Why Increased Meat Consumption Could Threaten Your Health (Hint: It's Got Nothing To Do With Heart Disease)
Who can forget the SARS scare? Back in February 2003, Dr. Carlo Urbani, a physician with the World Health Organization (WHO), diagnosed a 48-year-old businessman in Vietnam with a new infection he named severe acute respiratory syndrome. Within six weeks of that diagnosis, SARS had infected people on six continents, killing both the businessman and Urbani along the way. The WHO issued an unprecedented travel advisory and released daily updates tracking the wildfire spread of the bug; by mid-year it had claimed some 800 lives.
SARS was later traced to an animal called the palm civet (a small mammal found throughout Southeast Asia), and while the threat was eventually contained, the chilling possibility of the modern global pandemic had come to stay. Research released this month at a conference I attended on agriculture and nutrition in New Delhi, India, suggests the likelihood for similar epidemics will only grow. One factor: Growing populations and higher incomes in the developing world are leading to more intensive animal-production and increasing numbers of domestic livestock.
It might be hard at first to see the connection between livestock and pandemics, but it’s there. Over the last four decades, said John McDermott, the deputy director general for research at the Nairobi-based International Livestock Research Institute, rising demand for meat, milk, and eggs among urban consumers in the developing world has fueled an enormous spike in livestock production. In Asia and Southeast Asia, for example, the number of chickens has gone from 1 billion in 1961 to an astonishing 9.6 billion today.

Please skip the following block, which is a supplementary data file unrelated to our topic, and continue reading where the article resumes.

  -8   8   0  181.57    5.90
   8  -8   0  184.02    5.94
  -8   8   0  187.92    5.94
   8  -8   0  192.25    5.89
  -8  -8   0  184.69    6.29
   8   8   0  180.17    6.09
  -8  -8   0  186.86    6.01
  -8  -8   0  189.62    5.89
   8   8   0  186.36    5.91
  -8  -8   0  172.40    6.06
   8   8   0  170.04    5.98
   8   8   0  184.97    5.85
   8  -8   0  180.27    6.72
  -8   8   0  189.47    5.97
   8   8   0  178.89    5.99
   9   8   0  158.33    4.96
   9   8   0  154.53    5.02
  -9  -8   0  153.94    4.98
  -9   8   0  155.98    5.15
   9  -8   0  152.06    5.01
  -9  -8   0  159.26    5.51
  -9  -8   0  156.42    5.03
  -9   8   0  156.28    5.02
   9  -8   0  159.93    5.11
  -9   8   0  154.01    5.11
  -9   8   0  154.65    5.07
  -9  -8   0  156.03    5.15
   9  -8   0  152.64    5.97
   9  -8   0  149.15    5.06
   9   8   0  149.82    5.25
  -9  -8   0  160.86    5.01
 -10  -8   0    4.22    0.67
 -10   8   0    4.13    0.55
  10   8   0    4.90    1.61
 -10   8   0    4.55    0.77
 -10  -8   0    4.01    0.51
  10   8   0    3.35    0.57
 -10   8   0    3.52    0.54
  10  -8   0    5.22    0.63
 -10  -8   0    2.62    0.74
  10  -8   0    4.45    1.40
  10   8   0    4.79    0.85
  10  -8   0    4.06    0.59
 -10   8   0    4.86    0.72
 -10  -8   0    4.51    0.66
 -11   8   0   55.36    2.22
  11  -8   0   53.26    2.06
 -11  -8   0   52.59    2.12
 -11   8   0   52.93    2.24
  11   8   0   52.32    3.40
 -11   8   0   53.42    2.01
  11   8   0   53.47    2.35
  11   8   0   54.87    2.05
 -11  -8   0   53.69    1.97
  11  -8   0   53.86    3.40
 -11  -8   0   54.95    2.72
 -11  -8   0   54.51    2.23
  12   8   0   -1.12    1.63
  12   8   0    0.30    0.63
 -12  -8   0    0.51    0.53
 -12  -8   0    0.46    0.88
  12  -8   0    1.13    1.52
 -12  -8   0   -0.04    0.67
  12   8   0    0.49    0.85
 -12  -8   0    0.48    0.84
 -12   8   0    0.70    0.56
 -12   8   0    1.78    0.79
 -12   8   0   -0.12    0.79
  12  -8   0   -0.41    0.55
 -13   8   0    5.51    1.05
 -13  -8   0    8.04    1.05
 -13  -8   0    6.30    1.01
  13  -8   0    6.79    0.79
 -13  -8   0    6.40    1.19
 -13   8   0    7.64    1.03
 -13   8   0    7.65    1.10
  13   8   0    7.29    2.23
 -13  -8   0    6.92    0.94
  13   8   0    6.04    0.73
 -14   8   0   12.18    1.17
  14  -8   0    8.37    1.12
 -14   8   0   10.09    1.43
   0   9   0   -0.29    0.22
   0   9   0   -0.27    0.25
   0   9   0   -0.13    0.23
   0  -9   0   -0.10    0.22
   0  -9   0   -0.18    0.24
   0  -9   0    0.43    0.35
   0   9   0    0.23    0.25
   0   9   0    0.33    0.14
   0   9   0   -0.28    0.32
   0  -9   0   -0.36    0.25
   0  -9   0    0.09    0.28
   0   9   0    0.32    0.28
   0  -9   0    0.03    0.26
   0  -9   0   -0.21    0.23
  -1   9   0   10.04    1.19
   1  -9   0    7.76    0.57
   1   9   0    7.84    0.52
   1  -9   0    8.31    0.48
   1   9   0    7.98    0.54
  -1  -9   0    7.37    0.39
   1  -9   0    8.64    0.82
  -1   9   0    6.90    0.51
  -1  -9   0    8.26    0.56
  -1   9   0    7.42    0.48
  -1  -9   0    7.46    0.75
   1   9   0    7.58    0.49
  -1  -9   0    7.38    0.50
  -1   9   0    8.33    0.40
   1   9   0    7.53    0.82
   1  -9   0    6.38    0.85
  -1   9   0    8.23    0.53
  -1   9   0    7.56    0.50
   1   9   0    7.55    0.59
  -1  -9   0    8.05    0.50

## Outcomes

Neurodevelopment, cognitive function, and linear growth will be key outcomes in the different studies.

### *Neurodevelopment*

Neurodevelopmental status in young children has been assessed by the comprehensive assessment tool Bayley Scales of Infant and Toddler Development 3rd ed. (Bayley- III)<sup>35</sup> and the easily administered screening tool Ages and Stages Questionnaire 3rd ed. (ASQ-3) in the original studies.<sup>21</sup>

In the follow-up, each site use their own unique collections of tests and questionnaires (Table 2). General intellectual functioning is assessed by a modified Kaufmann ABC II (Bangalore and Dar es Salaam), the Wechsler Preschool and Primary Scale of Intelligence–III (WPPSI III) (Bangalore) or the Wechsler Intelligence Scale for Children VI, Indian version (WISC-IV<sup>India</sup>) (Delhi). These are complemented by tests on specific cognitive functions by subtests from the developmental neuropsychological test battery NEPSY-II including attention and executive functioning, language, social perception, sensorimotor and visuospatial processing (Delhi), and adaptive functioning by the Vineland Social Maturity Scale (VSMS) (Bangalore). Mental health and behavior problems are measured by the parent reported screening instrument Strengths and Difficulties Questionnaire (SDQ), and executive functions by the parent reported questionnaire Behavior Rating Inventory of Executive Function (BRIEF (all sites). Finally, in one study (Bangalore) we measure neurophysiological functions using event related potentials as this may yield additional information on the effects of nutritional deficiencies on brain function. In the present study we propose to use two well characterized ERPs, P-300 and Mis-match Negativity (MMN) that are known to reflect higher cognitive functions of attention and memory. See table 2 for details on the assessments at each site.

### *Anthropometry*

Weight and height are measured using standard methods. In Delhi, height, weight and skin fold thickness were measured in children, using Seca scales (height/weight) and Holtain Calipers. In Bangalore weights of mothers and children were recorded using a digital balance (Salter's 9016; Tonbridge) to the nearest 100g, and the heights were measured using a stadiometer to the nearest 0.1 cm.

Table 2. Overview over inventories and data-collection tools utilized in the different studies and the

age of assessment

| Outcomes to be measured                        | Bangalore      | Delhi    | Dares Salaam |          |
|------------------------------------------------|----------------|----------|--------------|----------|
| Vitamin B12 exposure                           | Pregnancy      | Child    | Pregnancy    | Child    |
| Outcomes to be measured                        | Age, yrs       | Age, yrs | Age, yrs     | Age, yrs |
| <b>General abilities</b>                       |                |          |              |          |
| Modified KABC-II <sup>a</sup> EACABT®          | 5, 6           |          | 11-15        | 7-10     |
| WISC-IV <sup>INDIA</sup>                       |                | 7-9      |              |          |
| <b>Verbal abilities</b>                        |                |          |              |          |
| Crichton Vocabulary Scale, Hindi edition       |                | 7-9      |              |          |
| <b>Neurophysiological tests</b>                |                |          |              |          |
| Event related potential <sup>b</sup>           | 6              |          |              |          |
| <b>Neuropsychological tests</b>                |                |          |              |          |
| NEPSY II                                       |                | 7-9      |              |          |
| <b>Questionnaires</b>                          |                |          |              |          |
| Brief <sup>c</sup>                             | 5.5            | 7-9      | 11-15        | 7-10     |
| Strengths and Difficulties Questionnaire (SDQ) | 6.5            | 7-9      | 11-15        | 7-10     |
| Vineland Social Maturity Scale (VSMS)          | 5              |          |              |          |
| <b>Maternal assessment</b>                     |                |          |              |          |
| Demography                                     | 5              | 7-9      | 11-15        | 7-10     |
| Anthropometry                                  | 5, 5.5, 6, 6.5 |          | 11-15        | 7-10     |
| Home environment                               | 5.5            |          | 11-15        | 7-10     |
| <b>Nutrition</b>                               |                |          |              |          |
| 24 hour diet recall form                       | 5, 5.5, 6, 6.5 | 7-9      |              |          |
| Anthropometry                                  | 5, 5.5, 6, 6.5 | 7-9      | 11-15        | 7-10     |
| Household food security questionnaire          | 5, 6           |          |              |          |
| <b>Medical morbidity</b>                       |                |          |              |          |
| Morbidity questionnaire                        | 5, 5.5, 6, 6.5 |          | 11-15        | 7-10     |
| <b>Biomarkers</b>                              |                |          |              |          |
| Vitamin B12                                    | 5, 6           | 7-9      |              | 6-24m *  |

Such numbers, combined with rapid urbanization (as of 2008, fully half the human population lived in cities), raise the threat of so-called “zoonotic” diseases -- those transmissible between animals and humans. No less than 61 percent of all human pathogens, and 75 percent of new human pathogens, are zoonotic. Avian influenza, for example, was spread primarily by domesticated birds in high-density operations, and the Nipah virus spilled over to people from backyard pigs.
Livestock diseases threaten food security in the developing world, where protein availability is already limited, but when they “jump” from their animal hosts to humans, they pose a risk to us all.
Wealthy countries have invested heavily in surveillance and risk-reduction schemes to deal with such diseases -- a response, you might imagine, to a World Bank report saying an avian influenza pandemic could cost the global community some $3 trillion -- but in Africa and Asia, said McDermott, “the capacity of veterinary services to track and control outbreaks is lagging dangerously behind livestock intensification.” The challenge is to establish regulatory programs that will protect public health while avoiding the imposition of anything so onerous as to drive the world’s 450 million smallholder farmers underground.
Given the health issues that have resulted from our own voracious appetite for animal protein (antibiotic-resistant superbugs, anyone?), American consumers are maybe not in the best position to be dictating agricultural policy, but it seems reasonable to hope that as developing countries consider their animal-husbandry sectors moving forward, they’ll put concerns for human-health right up there with those for production size and profit.